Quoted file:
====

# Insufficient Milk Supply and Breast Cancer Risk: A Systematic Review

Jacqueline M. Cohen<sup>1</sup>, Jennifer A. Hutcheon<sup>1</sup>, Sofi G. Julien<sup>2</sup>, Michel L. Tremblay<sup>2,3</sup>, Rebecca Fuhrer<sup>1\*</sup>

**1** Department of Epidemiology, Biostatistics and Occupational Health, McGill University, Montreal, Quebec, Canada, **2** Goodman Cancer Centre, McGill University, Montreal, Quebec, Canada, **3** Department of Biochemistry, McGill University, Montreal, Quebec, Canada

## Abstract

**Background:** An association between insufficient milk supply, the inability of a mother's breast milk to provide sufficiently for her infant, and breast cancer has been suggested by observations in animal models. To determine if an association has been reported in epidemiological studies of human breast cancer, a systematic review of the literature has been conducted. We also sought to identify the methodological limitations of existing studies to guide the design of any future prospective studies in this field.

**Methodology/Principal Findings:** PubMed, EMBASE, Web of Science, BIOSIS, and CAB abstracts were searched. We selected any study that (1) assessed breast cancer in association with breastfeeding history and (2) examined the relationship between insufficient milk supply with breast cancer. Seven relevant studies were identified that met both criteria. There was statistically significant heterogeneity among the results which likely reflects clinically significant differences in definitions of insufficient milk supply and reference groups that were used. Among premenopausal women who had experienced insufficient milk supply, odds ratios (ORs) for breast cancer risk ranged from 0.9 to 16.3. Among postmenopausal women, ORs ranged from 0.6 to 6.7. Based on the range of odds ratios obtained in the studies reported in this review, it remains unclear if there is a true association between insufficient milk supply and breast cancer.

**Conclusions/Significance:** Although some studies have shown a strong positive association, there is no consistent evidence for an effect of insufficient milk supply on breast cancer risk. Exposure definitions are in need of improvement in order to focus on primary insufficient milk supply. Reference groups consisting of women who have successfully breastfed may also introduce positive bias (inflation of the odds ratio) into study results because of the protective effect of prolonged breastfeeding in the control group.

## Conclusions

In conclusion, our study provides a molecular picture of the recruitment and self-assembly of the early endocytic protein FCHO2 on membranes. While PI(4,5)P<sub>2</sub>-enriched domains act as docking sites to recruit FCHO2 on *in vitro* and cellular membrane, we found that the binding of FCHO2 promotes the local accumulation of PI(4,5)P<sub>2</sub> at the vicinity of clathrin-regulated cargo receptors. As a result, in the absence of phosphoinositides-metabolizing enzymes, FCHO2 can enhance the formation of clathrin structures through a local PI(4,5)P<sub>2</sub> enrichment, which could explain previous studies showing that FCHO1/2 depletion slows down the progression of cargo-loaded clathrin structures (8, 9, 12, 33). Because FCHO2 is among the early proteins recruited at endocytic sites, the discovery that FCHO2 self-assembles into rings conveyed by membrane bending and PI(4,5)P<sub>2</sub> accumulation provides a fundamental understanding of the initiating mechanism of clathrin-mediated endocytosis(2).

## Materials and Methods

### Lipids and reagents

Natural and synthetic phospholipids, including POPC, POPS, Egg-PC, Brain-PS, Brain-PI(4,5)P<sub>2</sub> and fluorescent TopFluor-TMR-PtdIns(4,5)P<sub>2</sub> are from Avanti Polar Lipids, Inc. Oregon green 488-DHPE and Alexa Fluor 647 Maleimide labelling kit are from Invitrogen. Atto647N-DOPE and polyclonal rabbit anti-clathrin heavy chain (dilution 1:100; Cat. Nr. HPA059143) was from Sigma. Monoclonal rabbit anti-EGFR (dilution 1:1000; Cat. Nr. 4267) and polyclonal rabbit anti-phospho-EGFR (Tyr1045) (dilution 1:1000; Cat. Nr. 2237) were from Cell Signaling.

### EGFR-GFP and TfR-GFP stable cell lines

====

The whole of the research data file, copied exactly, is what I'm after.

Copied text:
# Insufficient Milk Supply and Breast Cancer Risk: A Systematic Review

Jacqueline M. Cohen<sup>1</sup>, Jennifer A. Hutcheon<sup>1</sup>, Sofi G. Julien<sup>2</sup>, Michel L. Tremblay<sup>2,3</sup>, Rebecca Fuhrer<sup>1\*</sup>

**1** Department of Epidemiology, Biostatistics and Occupational Health, McGill University, Montreal, Quebec, Canada, **2** Goodman Cancer Centre, McGill University, Montreal, Quebec, Canada, **3** Department of Biochemistry, McGill University, Montreal, Quebec, Canada

## Abstract

**Background:** An association between insufficient milk supply, the inability of a mother's breast milk to provide sufficiently for her infant, and breast cancer has been suggested by observations in animal models. To determine if an association has been reported in epidemiological studies of human breast cancer, a systematic review of the literature has been conducted. We also sought to identify the methodological limitations of existing studies to guide the design of any future prospective studies in this field.

**Methodology/Principal Findings:** PubMed, EMBASE, Web of Science, BIOSIS, and CAB abstracts were searched. We selected any study that (1) assessed breast cancer in association with breastfeeding history and (2) examined the relationship between insufficient milk supply with breast cancer. Seven relevant studies were identified that met both criteria. There was statistically significant heterogeneity among the results which likely reflects clinically significant differences in definitions of insufficient milk supply and reference groups that were used. Among premenopausal women who had experienced insufficient milk supply, odds ratios (ORs) for breast cancer risk ranged from 0.9 to 16.3. Among postmenopausal women, ORs ranged from 0.6 to 6.7. Based on the range of odds ratios obtained in the studies reported in this review, it remains unclear if there is a true association between insufficient milk supply and breast cancer.

**Conclusions/Significance:** Although some studies have shown a strong positive association, there is no consistent evidence for an effect of insufficient milk supply on breast cancer risk. Exposure definitions are in need of improvement in order to focus on primary insufficient milk supply. Reference groups consisting of women who have successfully breastfed may also introduce positive bias (inflation of the odds ratio) into study results because of the protective effect of prolonged breastfeeding in the control group.

## Conclusions

In conclusion, our study provides a molecular picture of the recruitment and self-assembly of the early endocytic protein FCHO2 on membranes. While PI(4,5)P<sub>2</sub>-enriched domains act as docking sites to recruit FCHO2 on *in vitro* and cellular membrane, we found that the binding of FCHO2 promotes the local accumulation of PI(4,5)P<sub>2</sub> at the vicinity of clathrin-regulated cargo receptors. As a result, in the absence of phosphoinositides-metabolizing enzymes, FCHO2 can enhance the formation of clathrin structures through a local PI(4,5)P<sub>2</sub> enrichment, which could explain previous studies showing that FCHO1/2 depletion slows down the progression of cargo-loaded clathrin structures (8, 9, 12, 33). Because FCHO2 is among the early proteins recruited at endocytic sites, the discovery that FCHO2 self-assembles into rings conveyed by membrane bending and PI(4,5)P<sub>2</sub> accumulation provides a fundamental understanding of the initiating mechanism of clathrin-mediated endocytosis(2).

## Materials and Methods

### Lipids and reagents

Natural and synthetic phospholipids, including POPC, POPS, Egg-PC, Brain-PS, Brain-PI(4,5)P<sub>2</sub> and fluorescent TopFluor-TMR-PtdIns(4,5)P<sub>2</sub> are from Avanti Polar Lipids, Inc. Oregon green 488-DHPE and Alexa Fluor 647 Maleimide labelling kit are from Invitrogen. Atto647N-DOPE and polyclonal rabbit anti-clathrin heavy chain (dilution 1:100; Cat. Nr. HPA059143) was from Sigma. Monoclonal rabbit anti-EGFR (dilution 1:1000; Cat. Nr. 4267) and polyclonal rabbit anti-phospho-EGFR (Tyr1045) (dilution 1:1000; Cat. Nr. 2237) were from Cell Signaling.

### EGFR-GFP and TfR-GFP stable cell lines